Racism is not the major problem in the world today

In Durban, a “World Conference Against Racism” is coming to an end. In the past, racism was indeed a very serious matter, as nobody knows better than South Africans. It is right that it should not be forgotten, just as the evil of communism must not be forgotten; in both cases in order to make it less likely that these evils will come back. Nevertheless, it is important to realise that racism is not the major problem in the world today and it is very much to be feared that so far from being an attempt to address the world’s major problems, this conference is in fact part of those problems.

Let us consider by way of illustration the plight of the ‘untouchables’ in India, which is being canvassed at the conference. The very poor in India are very numerous and very poor indeed, certainly among the poorest people living on earth. A great many (but not all) of these people belong to the so-called ‘untouchable’ castes. So, is poverty caused by caste – or should we say by caste-ism? (Whether caste is the same thing as race is another question. To say it is, is certainly to give a highly original interpretation to the word ‘race’, but it is probably not the most original which we will hear at this conference. In any case, it does not matter. Race has never had a precise meaning. A race is whatever anybody chooses to call a race.)

We should note two points of fact. The first is that in Bangladesh, India’s neighbour, which is a Moslem state, where formal caste has never existed, the poor are every bit as poor as in India, and, relative to the total population, even more numerous. The second is that the status of ‘untouchability’, as a legal status carrying legal disabilities, was abolished in 1946, and ever since then untouchables have been the beneficiaries of affirmative action. Political action against untouchability has been in place for over 50 years. Apparently it has failed. So do we need more of it, or do we need something different?

The fact is that the poor in India are so poor because for forty years under the Congress government, India was the prime exponent of ‘The Third Way’ or “middle of the road socialism”. In consequence, like every other country that followed that way, it had a very low rate of economic growth (despite being the world’s largest recipient of aid) and the poor remained poor or grew poorer. In Hong Kong, Singapore, Malaysia, Taiwan and South Korea, the poor grew conspicuously less poor, and in Japan the formerly poor became affluent.

Middle of the road socialism is indeed a middle way between sound economic policies such as were followed in Japan, Hong Kong, etc, (and, earlier in the United States) and the recipe for total disaster which was communism as followed in the Soviet Union, Yugoslavia, and China under Mao Tse-dong. Thus, in China, twenty million people starved to death in two years as a direct result of the policies of Mao. Nothing like that happened in India.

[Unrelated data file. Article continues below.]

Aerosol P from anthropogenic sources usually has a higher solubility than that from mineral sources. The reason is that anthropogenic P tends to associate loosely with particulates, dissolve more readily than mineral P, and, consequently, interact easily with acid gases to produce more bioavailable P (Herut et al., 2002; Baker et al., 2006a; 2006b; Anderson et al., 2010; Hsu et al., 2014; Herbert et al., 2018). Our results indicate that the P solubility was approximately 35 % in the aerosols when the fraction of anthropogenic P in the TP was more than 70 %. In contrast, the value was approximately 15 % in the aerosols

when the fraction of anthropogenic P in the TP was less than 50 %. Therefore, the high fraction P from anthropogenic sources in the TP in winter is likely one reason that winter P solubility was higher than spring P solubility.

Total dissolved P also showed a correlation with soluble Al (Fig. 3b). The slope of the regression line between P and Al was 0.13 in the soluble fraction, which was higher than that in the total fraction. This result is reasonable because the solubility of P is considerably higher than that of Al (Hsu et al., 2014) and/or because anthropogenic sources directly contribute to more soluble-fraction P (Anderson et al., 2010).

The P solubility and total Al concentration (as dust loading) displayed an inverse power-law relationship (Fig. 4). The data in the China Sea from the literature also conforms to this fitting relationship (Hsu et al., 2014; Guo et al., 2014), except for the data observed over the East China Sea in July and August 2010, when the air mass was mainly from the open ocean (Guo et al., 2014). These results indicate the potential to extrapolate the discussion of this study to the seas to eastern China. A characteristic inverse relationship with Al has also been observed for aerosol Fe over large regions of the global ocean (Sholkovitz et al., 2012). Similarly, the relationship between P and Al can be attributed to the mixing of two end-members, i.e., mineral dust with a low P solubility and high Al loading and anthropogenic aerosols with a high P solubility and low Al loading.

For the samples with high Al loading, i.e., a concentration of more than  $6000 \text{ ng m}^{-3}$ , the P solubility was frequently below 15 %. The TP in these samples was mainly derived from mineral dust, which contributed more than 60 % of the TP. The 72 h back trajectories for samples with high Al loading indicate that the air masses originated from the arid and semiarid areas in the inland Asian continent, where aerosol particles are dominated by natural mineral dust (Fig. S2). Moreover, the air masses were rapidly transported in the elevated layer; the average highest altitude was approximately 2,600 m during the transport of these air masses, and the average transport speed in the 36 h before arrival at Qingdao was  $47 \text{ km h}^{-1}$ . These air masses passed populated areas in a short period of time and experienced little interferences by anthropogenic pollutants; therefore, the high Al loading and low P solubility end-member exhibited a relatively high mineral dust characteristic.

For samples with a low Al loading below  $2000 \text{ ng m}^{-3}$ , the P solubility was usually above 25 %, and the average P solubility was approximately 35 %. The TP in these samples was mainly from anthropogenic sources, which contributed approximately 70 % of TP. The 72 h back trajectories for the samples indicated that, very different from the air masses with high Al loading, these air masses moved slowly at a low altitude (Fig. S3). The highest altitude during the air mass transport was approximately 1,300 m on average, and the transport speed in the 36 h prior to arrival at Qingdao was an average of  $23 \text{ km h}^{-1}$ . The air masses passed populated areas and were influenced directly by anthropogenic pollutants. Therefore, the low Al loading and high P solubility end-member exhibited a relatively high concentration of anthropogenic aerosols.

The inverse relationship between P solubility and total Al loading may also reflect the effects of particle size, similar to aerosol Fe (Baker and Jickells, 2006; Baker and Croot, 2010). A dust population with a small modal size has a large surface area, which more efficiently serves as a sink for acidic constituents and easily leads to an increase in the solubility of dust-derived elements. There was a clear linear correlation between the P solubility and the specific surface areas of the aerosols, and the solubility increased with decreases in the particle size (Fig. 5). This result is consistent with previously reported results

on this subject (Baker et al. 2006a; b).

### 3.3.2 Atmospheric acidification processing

What did happen in India was the policy known as “the permit raj’ – government by permits, whereby in a country of seven hundred million people no significant economic activity could be undertaken without a permit from the central government – a permit issued in the discretion of some authority. The purpose of this system (and of those resembling it which exist in Europe and elsewhere) is to protect various vested interests, some workers, some employers, against competition, while enabling those who constitute the government to give or withhold this very valuable gift as they see fit. Of course they do not give it for nothing. Some, especially officials, take straight bribes. Others take informal favours, which in the case of politicians includes political support. Of all the vested interests behind the permit raj by far the most important and the most powerful is the government itself.

The major problem in the world today is bad government, and the vested interest that those who constitute government have in keeping it bad, because bad government enables them to reap profit which good government would not.

These people are, it is to be feared, behind the racism conference. They will work to prove that poverty in India is caused by caste-ism and then say that it follows that the permit raj (which has been somewhat reduced since the fall of the Congress government with very good effect) must be strengthened so that every permit can carry an obligation to employ a quota of untouchables. In this way they will hope to deflect the demand that the permit raj should be swept away (and perhaps they with it), to make way for an economic system that will create jobs, not for a quota but for everybody; and allow the untouchables, all of them, to rise as the poor in Japan rose.

The most pressing problem in the world today is poverty. The solution to poverty is known and proved. It is economic growth. Why is there not a United Nations Conference for Economic Growth, and never has been in 50 years? The answer is that the pursuit of economic growth requires governments to do less, whereas those in bad government want to do more so that they can have more power and handle more money, some of which will stick to their fingers.

Perhaps from a practical point of view, the major problem in the world today is bad government. The United Nations, as a cartel of governments, can all too easily become part of that problem.

Source: Michael O’Dowd is the Chairman of the Free Market Foundation. This article may be republished without prior consent but with acknowledgement. The patrons, council and members of the Foundation do not necessarily agree with the views expressed by the author.

FMF Feature Article / 07 September 2001 - Policy Bulletin / 01 September 2009
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